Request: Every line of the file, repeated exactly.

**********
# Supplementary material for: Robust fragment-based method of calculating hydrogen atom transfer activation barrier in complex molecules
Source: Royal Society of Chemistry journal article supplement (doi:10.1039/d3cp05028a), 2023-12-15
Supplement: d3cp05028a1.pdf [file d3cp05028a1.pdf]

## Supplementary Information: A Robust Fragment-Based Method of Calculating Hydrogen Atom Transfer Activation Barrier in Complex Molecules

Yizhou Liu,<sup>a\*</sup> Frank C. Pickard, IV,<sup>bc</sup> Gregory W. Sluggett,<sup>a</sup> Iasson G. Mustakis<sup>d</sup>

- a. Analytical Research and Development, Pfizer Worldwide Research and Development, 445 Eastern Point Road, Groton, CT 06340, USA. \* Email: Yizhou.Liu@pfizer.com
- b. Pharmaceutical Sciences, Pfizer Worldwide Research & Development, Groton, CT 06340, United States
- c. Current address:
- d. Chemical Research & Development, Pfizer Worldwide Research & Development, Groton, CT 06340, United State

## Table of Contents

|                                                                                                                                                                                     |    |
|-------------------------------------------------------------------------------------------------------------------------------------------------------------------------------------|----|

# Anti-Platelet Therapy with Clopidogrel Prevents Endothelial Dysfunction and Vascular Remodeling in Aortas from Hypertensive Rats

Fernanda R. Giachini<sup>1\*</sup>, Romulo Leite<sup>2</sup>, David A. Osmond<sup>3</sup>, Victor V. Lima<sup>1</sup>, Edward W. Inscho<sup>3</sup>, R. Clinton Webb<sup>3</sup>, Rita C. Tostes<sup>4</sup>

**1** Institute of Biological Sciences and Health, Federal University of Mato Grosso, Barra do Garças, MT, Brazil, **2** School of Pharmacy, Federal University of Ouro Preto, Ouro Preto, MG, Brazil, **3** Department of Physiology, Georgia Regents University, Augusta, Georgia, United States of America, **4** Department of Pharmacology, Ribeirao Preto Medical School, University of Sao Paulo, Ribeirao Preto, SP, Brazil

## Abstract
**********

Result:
# Supplementary material for: Robust fragment-based method of calculating hydrogen atom transfer activation barrier in complex molecules
Source: Royal Society of Chemistry journal article supplement (doi:10.1039/d3cp05028a), 2023-12-15
Supplement: d3cp05028a1.pdf [file d3cp05028a1.pdf]

## Supplementary Information: A Robust Fragment-Based Method of Calculating Hydrogen Atom Transfer Activation Barrier in Complex Molecules

Yizhou Liu,<sup>a\*</sup> Frank C. Pickard, IV,<sup>bc</sup> Gregory W. Sluggett,<sup>a</sup> Iasson G. Mustakis<sup>d</sup>

- a. Analytical Research and Development, Pfizer Worldwide Research and Development, 445 Eastern Point Road, Groton, CT 06340, USA. \* Email: Yizhou.Liu@pfizer.com
- b. Pharmaceutical Sciences, Pfizer Worldwide Research & Development, Groton, CT 06340, United States
- c. Current address:
- d. Chemical Research & Development, Pfizer Worldwide Research & Development, Groton, CT 06340, United State

## Table of Contents

|                                                                                                                                                                                     |    |
|-------------------------------------------------------------------------------------------------------------------------------------------------------------------------------------|----|

# Anti-Platelet Therapy with Clopidogrel Prevents Endothelial Dysfunction and Vascular Remodeling in Aortas from Hypertensive Rats

Fernanda R. Giachini<sup>1\*</sup>, Romulo Leite<sup>2</sup>, David A. Osmond<sup>3</sup>, Victor V. Lima<sup>1</sup>, Edward W. Inscho<sup>3</sup>, R. Clinton Webb<sup>3</sup>, Rita C. Tostes<sup>4</sup>

**1** Institute of Biological Sciences and Health, Federal University of Mato Grosso, Barra do Garças, MT, Brazil, **2** School of Pharmacy, Federal University of Ouro Preto, Ouro Preto, MG, Brazil, **3** Department of Physiology, Georgia Regents University, Augusta, Georgia, United States of America, **4** Department of Pharmacology, Ribeirao Preto Medical School, University of Sao Paulo, Ribeirao Preto, SP, Brazil

## Abstract